The road less traveled

 

By Angel Kane

 

 

There are a lot of things people might call me, but one word I will never be called is adventurous. And over the years, I’ve come to realize that being unadventurous is deeply seeded within my DNA.

 

Never has this been more obvious than the last week while vacationing with my parents and brother. As I type this article this morning, I’m sitting on a balcony overlooking the ocean. My entire family, including myself, my parents, my brother and his family, Brody and our kids are spending two weeks together in Greece.

 

In anticipation of our trip, my parents, brother and I did what any normal person would do: got shots, checked the various world weather radars and compiled the statistical safety data of the numerous planes we would be traveling on. Then we registered with the American Consulate and updated our Wills.

 

Ironically we each did these things separately, without consulting the other, which we thought was just hilarious, as we compared our research in detail before boarding our 12 hour flight.

 

There are two non-blood family members traveling with us on this trip –  Brody and Erica, my sister-in-law. They don’t find our antics amusing.

 

Therefore, after picking out all the possible terrorists on the plane, we let them sit closest to them – I mean if these terrorist-like looking people don’t scare you –  you have nothing to worry about. 

 

Although Greece isn’t officially a third world country, I’m a firm believer that any country where they don’t serve soft drinks WITH ICE, has got to be on some sort of United Nations hazardous travel list of some sort.  And don’t even get me started about the shower heads that are not mounted to the walls. I have permanently injured my neck from just one week of holding the shower handle with one hand while trying to shampoo with the other.

 

If I knew to whom to write a strongly worded letter about these issues, along with the lack of dryers, air conditioning or internet, I’d do it. But only once my  feet are firmly planted back on American soil, because I’m 110% positive that I would suffer some major atrocities if they locked me up in a foreign prison.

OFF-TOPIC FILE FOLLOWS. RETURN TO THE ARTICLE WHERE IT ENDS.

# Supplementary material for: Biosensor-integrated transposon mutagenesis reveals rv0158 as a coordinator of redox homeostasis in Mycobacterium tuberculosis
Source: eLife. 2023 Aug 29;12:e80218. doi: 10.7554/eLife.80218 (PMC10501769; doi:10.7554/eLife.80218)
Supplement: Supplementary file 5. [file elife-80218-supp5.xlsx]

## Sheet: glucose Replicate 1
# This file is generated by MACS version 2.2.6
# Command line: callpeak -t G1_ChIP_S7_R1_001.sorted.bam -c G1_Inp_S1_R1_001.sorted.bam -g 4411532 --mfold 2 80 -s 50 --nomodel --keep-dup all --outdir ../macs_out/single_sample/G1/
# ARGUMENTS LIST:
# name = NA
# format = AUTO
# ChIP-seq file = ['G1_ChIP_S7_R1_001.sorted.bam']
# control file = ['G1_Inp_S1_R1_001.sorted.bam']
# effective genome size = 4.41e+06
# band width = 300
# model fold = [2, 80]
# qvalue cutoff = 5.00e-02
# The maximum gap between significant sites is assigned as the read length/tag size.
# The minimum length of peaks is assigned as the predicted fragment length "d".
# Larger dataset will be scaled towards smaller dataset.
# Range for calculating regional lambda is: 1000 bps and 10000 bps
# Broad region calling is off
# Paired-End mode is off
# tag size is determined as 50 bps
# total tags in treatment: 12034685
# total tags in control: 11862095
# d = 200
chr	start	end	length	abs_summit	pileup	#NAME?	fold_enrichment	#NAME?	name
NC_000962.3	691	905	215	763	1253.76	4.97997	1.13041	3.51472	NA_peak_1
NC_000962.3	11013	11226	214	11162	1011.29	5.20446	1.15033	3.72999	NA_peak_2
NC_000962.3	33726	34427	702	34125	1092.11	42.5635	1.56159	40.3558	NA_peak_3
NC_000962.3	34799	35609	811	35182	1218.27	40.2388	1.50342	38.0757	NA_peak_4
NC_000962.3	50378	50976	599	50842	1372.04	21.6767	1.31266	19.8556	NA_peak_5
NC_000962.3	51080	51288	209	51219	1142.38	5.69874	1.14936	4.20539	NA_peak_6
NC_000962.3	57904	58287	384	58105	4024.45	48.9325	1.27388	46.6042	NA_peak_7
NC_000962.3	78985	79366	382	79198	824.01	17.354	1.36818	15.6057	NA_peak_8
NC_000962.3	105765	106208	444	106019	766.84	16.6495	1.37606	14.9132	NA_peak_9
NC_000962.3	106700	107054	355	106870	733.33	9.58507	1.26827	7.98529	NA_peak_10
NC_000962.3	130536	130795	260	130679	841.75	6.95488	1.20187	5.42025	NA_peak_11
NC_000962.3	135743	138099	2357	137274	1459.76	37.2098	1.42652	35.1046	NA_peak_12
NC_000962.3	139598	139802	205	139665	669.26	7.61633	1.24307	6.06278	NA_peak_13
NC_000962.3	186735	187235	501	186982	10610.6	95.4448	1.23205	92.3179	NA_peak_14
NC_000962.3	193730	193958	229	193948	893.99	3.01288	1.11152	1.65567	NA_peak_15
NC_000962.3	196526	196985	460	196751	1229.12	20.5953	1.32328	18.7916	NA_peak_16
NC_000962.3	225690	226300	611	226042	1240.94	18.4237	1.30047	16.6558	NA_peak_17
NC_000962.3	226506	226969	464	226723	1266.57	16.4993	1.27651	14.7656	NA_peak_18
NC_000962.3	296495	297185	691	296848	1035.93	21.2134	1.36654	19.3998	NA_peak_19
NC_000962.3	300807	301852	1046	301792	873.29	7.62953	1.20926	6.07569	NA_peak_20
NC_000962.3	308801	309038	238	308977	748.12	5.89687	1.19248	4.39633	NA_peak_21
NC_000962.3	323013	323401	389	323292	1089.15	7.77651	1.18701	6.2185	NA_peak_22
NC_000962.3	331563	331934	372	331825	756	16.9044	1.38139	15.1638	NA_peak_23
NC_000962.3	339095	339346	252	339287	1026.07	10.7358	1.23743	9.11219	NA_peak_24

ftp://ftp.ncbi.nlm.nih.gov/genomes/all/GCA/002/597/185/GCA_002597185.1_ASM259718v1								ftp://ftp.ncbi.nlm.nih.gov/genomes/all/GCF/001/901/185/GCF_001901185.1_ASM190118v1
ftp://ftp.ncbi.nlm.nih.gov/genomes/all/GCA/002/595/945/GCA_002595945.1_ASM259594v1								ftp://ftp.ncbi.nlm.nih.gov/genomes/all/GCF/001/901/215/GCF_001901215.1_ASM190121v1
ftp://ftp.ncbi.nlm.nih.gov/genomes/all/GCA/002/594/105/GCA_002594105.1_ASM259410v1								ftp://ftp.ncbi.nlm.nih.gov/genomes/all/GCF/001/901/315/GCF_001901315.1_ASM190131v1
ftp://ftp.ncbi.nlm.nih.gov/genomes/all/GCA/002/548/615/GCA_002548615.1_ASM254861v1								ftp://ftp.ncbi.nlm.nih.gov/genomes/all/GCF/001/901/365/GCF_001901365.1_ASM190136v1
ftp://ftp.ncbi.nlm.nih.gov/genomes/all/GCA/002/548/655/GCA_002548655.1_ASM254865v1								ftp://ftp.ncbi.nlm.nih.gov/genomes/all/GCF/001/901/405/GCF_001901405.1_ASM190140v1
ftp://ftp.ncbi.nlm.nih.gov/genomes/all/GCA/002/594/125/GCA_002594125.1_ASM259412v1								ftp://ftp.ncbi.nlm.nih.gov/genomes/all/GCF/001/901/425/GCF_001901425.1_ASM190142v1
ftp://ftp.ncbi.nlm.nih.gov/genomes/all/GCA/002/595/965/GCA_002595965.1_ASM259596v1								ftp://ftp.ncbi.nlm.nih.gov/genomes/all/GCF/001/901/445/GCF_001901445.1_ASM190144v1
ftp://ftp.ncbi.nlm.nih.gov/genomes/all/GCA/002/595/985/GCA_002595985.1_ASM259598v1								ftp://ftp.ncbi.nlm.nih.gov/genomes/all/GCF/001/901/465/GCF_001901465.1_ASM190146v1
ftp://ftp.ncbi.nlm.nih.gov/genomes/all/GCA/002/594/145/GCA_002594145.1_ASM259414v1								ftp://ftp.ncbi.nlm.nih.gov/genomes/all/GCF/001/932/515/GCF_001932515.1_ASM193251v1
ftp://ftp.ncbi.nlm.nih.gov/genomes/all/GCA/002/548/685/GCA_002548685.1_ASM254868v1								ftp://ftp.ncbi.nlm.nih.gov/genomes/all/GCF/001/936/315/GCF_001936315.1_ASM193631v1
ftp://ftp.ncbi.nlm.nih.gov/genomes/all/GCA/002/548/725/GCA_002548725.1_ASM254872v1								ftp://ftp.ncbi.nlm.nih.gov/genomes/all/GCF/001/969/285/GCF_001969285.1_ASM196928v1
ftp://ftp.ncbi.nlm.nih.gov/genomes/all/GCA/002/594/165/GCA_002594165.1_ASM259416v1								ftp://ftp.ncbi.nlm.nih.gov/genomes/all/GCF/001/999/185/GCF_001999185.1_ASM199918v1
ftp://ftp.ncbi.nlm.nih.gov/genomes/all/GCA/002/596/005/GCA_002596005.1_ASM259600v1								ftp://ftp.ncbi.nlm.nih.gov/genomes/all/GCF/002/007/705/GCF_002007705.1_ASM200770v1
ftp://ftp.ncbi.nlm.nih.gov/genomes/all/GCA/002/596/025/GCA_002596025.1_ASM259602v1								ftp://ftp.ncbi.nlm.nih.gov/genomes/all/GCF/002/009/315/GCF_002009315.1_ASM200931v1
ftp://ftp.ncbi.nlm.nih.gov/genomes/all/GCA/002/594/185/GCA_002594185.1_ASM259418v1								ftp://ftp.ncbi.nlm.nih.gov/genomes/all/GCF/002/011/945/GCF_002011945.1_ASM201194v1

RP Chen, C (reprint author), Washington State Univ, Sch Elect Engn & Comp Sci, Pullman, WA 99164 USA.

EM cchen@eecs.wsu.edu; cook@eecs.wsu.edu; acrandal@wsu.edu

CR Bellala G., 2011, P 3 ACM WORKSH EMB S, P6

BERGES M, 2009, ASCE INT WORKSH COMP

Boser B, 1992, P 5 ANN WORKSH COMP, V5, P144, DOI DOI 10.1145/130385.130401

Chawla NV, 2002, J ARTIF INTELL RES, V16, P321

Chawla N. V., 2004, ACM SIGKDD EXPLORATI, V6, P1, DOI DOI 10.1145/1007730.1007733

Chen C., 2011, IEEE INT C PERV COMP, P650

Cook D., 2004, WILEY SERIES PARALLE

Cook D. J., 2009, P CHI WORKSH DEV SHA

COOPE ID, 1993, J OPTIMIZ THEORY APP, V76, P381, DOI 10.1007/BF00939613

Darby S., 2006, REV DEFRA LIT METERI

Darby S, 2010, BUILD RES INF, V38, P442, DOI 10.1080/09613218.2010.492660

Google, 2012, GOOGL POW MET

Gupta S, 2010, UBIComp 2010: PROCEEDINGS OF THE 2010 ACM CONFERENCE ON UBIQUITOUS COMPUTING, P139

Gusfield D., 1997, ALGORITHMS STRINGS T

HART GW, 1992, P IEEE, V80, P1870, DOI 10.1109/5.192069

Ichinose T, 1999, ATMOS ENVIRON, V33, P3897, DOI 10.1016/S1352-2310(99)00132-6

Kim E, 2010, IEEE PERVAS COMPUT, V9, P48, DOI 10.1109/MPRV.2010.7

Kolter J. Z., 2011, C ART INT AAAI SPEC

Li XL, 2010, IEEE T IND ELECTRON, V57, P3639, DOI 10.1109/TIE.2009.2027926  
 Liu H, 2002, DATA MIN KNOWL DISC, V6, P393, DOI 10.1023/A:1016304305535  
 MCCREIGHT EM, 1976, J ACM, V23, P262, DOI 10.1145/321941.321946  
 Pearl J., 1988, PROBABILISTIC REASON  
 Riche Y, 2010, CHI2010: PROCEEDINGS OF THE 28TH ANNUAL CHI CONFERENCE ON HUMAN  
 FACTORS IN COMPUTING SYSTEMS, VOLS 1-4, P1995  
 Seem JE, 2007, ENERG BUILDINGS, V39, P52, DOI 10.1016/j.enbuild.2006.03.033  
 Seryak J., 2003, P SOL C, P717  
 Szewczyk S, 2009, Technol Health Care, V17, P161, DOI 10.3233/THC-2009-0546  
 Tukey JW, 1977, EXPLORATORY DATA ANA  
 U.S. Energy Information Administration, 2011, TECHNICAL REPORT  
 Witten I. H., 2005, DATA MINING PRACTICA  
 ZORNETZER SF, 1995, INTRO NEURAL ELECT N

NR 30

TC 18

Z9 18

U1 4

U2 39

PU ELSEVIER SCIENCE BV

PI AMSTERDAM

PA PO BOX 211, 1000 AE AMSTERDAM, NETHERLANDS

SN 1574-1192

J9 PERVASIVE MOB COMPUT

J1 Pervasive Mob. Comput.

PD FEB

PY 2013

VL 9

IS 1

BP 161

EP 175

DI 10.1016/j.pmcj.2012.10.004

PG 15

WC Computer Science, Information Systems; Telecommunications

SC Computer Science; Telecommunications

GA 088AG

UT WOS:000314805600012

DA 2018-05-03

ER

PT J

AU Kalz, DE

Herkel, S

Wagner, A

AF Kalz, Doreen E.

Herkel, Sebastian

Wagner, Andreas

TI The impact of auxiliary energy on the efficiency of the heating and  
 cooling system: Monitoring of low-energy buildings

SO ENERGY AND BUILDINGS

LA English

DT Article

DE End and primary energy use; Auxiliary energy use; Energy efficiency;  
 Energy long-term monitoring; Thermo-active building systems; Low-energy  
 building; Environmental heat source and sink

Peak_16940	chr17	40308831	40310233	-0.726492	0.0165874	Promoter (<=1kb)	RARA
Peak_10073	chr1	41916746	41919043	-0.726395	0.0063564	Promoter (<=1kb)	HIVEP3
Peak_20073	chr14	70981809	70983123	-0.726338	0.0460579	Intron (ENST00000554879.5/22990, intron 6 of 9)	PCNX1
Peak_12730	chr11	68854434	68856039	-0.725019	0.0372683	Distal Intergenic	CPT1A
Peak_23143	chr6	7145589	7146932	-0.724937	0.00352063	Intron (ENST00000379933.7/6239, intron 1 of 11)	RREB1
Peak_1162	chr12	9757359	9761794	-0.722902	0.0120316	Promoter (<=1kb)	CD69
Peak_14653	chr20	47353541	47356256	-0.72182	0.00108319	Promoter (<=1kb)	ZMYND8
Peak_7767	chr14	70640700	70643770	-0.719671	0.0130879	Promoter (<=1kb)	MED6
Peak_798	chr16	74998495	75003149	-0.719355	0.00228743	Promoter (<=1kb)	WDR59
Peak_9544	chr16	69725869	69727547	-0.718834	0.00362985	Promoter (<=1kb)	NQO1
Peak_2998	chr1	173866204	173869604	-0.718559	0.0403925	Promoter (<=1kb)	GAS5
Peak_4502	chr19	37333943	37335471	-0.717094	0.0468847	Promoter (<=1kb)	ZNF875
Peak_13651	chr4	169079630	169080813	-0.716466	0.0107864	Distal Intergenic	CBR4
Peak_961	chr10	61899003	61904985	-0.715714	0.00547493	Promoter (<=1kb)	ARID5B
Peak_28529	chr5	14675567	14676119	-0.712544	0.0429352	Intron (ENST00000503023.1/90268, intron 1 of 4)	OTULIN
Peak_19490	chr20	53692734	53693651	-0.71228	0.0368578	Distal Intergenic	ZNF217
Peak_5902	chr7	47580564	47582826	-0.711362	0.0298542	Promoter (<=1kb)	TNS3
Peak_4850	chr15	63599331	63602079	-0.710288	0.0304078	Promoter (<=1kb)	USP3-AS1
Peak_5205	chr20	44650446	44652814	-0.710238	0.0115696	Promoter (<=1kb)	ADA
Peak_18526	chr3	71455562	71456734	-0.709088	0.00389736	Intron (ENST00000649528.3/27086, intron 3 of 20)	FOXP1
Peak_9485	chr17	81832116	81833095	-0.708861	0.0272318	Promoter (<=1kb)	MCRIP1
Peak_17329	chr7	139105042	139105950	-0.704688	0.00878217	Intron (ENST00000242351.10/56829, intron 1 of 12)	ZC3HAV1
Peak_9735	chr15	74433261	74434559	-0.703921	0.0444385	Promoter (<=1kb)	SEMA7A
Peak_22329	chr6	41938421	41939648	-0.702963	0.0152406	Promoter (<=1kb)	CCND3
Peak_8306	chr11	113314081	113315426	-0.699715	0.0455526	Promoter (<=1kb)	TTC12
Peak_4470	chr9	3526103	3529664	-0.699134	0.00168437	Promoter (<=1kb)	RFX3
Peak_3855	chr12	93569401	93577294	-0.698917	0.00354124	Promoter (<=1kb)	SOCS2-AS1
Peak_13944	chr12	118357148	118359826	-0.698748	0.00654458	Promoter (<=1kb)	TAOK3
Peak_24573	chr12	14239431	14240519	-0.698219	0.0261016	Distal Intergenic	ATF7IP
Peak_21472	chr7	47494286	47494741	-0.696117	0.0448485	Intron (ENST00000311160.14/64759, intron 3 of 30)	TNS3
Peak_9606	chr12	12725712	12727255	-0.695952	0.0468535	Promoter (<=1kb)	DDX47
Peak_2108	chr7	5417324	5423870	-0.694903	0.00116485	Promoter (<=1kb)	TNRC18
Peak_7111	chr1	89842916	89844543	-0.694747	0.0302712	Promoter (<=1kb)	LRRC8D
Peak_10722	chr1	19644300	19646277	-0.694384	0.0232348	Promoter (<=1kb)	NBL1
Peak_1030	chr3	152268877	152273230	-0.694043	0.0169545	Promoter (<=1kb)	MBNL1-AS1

The island we are staying on is simply gorgeous with steep gravel roads carved out of the side of the mountains. I’ve taken to closing my eyes and muttering prayerful gibberish to God on most of our days of travel. Just ask my husband how enjoyable that has been for he and the kids.

 

So, it would be just my luck that as we were traveling on one of these steep gravel roads, with a donkey on one side and a looming cliff with the ocean on the other, I would hear a loud POP and then smell something burning.

 

“What is that? Did you hear that Brody? Something is wrong with the car, pull over, pull over!!!”

 

“Where exactly do you want me to pull over?” he answered back.

 

I could read my obituary now, “The Kane family plunged to their deaths over a cliff in Greece, the donkey survived.”

 

They tell me that my gibberish got louder and more frantic and although I remember none of this, and would deny it to any PETA official, at some point I demanded my husband run the donkey over!!!

 

Finally, we made it down the cliff to safety, only to find that we had lost power steering, a belt had snapped and and by now, the car was engulfed in smoke. My brother’s car had been in front of us and my parents’ behind.

 

We all got of our cars and my blood-family rushed over.

 

“Geez, I really thought you might go over the cliff,” cried out my brother. “Your car was smoking all the way down that hill.”

 

My parents were openly weeping.

 

Brody rolled his eyes, “the only reason that car was going over the cliff, is because I was this close to making a sharp turn into the sea to put us all out of our misery!”

 

My other non-blood relative, Erica, was rolling her eyes as well.

If I were an adventurous sort, I would have told both of them to…., but tomorrow we are kayaking around the island and I’m going to need their upper body strength to make it safely back to shore.

 

But once my feet are firmly back on U.S. soil, well, let’s just say the letter I plan to send to each of them (as well as the rental car agency and the Greek Road Commission) will be very, very firm indeed!

 

To read more of Angel and Becky’s columns go to www.wilsonlivingmagazine.com or www.wilsonpost.com.

 

 

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